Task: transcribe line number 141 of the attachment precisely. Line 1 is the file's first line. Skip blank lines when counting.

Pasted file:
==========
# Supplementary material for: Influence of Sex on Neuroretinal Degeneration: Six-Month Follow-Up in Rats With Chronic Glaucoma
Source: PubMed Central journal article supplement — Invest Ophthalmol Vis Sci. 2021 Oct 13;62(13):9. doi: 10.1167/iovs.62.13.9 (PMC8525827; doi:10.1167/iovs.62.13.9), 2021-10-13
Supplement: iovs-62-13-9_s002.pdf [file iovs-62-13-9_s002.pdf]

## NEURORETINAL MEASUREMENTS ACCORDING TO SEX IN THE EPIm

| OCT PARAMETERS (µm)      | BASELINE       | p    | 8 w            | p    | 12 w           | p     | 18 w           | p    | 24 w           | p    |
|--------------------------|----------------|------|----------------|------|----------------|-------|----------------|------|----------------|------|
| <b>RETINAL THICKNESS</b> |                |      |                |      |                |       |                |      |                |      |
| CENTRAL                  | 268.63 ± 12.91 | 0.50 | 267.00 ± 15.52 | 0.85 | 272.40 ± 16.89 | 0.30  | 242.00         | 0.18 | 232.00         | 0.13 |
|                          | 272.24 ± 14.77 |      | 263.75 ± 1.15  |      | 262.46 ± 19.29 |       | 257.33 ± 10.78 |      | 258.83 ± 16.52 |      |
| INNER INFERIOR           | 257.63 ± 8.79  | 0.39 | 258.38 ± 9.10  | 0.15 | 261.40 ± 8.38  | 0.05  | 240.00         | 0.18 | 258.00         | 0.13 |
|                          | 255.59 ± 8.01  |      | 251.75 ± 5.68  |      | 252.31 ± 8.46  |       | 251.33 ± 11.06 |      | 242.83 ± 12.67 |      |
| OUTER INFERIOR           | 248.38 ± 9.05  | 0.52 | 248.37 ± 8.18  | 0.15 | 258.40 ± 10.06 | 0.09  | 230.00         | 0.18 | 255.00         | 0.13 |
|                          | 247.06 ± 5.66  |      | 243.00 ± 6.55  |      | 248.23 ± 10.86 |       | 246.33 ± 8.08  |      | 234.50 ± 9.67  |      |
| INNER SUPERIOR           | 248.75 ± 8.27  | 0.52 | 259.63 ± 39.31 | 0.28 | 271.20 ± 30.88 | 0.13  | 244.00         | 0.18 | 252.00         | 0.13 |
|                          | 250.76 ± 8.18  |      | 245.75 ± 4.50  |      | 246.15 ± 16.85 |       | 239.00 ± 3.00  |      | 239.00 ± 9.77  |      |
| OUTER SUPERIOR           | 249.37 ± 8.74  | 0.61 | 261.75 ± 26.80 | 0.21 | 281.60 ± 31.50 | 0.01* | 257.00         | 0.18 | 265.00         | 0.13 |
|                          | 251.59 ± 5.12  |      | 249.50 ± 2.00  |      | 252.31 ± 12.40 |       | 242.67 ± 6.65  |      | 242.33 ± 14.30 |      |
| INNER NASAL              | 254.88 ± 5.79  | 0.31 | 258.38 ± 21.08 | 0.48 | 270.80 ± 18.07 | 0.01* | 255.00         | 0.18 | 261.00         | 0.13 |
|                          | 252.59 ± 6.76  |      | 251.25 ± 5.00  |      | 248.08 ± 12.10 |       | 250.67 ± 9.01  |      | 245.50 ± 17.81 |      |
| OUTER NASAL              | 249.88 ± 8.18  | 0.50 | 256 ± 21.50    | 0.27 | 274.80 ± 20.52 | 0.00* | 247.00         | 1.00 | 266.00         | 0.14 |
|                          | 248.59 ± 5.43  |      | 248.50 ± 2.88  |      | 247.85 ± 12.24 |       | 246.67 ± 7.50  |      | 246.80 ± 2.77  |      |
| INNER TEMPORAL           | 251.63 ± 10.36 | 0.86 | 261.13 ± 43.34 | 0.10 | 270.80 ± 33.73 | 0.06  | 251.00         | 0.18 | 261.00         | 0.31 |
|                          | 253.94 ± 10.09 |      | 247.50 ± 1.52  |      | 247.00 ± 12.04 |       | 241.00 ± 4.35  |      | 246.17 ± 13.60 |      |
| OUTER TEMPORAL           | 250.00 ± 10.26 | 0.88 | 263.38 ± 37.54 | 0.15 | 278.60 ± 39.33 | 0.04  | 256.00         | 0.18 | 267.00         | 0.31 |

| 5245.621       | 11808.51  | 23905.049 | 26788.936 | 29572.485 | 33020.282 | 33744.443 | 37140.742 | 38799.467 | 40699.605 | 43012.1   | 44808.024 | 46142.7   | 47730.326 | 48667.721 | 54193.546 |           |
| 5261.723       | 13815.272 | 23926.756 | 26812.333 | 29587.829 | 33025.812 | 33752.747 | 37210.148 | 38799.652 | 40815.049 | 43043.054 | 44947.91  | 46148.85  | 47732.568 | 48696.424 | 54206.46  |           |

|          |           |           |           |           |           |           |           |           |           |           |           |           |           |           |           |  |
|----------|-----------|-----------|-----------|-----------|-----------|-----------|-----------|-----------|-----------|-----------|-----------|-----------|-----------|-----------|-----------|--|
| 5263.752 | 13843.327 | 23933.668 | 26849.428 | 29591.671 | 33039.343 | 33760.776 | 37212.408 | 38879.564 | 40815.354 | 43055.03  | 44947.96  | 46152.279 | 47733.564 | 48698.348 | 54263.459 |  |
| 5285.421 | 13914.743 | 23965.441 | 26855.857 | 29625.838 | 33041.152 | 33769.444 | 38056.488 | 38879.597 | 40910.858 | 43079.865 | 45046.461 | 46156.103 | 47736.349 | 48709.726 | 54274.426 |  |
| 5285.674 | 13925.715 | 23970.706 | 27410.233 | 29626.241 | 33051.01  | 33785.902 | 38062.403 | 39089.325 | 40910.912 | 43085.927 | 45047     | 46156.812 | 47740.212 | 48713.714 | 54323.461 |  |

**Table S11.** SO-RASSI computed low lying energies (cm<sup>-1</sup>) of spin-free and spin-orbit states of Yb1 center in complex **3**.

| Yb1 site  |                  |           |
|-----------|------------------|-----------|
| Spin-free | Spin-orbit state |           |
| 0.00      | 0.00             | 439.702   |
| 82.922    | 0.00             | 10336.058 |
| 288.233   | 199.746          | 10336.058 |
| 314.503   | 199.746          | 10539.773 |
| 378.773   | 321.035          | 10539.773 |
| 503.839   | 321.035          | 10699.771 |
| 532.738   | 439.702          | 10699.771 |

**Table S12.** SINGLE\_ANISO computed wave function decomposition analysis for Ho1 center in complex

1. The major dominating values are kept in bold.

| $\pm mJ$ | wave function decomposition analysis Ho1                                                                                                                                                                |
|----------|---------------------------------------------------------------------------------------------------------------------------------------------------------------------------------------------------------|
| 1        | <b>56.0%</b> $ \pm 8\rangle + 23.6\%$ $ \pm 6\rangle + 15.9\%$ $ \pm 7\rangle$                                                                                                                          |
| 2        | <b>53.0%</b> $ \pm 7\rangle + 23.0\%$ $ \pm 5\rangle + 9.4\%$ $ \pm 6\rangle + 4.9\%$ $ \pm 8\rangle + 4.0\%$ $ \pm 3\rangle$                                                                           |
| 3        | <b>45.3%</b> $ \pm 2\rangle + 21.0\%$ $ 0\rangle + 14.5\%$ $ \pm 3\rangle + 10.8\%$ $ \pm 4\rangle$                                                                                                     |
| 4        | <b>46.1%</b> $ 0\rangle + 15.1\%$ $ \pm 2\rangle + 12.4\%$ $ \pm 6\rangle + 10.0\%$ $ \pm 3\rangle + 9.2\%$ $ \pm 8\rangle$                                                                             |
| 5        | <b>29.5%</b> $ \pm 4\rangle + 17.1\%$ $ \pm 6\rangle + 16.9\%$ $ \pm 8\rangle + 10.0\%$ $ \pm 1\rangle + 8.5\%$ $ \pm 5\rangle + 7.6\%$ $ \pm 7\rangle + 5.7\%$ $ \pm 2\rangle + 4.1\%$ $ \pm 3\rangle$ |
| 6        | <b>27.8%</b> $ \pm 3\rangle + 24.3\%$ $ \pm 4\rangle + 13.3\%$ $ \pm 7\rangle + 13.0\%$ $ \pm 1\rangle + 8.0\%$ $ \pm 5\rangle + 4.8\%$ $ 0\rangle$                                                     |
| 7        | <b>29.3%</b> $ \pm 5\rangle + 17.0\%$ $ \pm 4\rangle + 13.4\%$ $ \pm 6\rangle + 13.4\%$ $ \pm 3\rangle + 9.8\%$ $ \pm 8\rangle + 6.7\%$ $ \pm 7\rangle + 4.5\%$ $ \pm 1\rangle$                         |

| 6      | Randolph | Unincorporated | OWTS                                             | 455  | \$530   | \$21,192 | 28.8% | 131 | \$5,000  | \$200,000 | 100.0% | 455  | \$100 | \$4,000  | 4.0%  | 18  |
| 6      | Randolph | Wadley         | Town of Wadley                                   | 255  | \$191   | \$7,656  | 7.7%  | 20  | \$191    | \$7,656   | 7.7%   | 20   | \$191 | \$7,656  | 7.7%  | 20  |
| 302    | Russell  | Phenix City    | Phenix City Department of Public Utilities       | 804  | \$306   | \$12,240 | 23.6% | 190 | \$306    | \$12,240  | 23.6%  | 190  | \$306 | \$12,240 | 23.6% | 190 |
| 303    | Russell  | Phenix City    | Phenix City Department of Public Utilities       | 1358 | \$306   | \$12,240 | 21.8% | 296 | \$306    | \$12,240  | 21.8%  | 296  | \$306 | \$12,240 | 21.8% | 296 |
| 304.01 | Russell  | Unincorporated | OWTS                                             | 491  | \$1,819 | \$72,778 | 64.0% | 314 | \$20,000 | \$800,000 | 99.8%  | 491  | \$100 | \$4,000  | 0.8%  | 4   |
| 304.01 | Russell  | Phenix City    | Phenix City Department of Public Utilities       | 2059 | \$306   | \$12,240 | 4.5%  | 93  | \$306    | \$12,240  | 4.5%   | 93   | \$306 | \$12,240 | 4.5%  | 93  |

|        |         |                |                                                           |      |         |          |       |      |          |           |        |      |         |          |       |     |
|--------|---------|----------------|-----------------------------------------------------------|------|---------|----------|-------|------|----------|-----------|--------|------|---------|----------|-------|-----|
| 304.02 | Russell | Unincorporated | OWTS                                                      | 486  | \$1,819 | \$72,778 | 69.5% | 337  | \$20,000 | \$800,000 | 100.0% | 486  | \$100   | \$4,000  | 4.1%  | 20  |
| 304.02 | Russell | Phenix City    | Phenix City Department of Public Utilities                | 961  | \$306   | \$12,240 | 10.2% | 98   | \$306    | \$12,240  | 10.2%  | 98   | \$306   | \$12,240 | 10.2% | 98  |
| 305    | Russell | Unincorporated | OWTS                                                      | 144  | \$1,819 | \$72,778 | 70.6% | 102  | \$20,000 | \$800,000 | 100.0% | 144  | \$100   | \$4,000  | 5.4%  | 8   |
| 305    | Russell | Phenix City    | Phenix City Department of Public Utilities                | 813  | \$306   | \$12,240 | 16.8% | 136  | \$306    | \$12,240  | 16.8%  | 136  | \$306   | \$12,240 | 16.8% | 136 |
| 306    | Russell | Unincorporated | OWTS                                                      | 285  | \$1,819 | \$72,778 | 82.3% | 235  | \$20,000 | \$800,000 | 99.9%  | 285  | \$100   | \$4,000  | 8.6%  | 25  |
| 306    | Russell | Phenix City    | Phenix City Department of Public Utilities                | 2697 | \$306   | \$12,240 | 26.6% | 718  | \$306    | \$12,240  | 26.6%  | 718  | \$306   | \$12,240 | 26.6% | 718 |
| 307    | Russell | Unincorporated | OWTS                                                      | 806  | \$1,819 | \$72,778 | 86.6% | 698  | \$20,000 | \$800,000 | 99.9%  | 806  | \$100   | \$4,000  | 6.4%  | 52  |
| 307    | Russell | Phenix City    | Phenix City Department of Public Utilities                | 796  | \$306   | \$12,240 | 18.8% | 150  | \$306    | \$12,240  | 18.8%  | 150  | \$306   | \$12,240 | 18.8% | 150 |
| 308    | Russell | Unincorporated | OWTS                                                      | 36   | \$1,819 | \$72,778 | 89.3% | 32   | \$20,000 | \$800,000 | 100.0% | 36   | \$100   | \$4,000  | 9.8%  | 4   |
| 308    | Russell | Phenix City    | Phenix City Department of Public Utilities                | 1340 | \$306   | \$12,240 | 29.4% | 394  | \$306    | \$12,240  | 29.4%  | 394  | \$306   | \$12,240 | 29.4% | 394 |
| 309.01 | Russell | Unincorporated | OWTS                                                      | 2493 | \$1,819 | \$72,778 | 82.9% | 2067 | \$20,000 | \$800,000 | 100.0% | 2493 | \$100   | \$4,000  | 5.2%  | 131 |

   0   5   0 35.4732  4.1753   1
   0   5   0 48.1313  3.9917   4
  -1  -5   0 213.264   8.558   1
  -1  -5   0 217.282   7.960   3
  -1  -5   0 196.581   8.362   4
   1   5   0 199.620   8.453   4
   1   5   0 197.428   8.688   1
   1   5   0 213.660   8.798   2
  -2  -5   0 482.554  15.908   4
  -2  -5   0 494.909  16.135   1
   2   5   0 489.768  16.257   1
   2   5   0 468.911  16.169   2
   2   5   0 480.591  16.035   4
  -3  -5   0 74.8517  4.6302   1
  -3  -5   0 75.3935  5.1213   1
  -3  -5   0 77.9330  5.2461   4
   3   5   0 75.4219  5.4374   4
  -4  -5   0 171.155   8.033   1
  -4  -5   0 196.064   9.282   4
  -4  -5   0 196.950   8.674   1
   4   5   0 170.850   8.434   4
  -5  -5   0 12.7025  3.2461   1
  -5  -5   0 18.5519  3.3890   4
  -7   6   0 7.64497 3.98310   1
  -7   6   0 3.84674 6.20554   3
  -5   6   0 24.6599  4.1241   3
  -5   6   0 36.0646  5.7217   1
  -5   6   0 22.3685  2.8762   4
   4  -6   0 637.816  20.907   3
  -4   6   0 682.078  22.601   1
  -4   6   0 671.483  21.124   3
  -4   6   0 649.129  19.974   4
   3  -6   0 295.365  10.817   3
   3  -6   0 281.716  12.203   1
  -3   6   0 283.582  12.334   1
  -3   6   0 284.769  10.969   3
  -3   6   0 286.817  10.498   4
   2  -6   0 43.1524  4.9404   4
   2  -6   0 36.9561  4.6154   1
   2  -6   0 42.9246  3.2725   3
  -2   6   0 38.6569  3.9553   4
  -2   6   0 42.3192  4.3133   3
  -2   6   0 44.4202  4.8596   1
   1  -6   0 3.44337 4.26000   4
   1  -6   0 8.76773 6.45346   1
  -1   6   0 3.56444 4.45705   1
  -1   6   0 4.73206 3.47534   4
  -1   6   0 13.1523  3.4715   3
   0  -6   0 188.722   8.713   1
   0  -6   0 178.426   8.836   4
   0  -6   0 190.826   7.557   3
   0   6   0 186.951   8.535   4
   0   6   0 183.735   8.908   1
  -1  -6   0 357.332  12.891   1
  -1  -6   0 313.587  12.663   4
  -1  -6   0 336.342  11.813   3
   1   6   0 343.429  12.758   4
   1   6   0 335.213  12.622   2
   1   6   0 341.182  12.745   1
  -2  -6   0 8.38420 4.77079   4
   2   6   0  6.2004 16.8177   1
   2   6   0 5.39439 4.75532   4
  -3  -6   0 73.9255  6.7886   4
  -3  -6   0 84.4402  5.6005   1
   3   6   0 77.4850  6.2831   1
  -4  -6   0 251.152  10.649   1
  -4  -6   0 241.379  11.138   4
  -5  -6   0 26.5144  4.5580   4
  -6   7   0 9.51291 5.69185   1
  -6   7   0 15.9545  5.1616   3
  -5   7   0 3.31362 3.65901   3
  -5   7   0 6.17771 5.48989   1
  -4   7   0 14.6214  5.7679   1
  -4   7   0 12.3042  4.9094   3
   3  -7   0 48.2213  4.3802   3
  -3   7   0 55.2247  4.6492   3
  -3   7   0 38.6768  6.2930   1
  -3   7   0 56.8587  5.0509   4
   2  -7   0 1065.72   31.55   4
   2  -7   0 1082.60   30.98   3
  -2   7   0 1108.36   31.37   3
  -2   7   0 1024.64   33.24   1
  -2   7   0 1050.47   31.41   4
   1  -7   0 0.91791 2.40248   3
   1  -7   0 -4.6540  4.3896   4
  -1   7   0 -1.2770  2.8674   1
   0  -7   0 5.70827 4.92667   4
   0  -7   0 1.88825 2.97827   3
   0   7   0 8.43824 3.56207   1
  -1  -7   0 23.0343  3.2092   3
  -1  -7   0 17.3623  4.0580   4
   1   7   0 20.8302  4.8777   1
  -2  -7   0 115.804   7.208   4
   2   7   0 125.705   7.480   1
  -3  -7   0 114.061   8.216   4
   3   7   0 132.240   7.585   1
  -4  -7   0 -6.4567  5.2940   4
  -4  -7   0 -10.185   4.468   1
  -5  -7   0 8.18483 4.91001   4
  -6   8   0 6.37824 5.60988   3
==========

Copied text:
  -6   7   0 9.51291 5.69185   1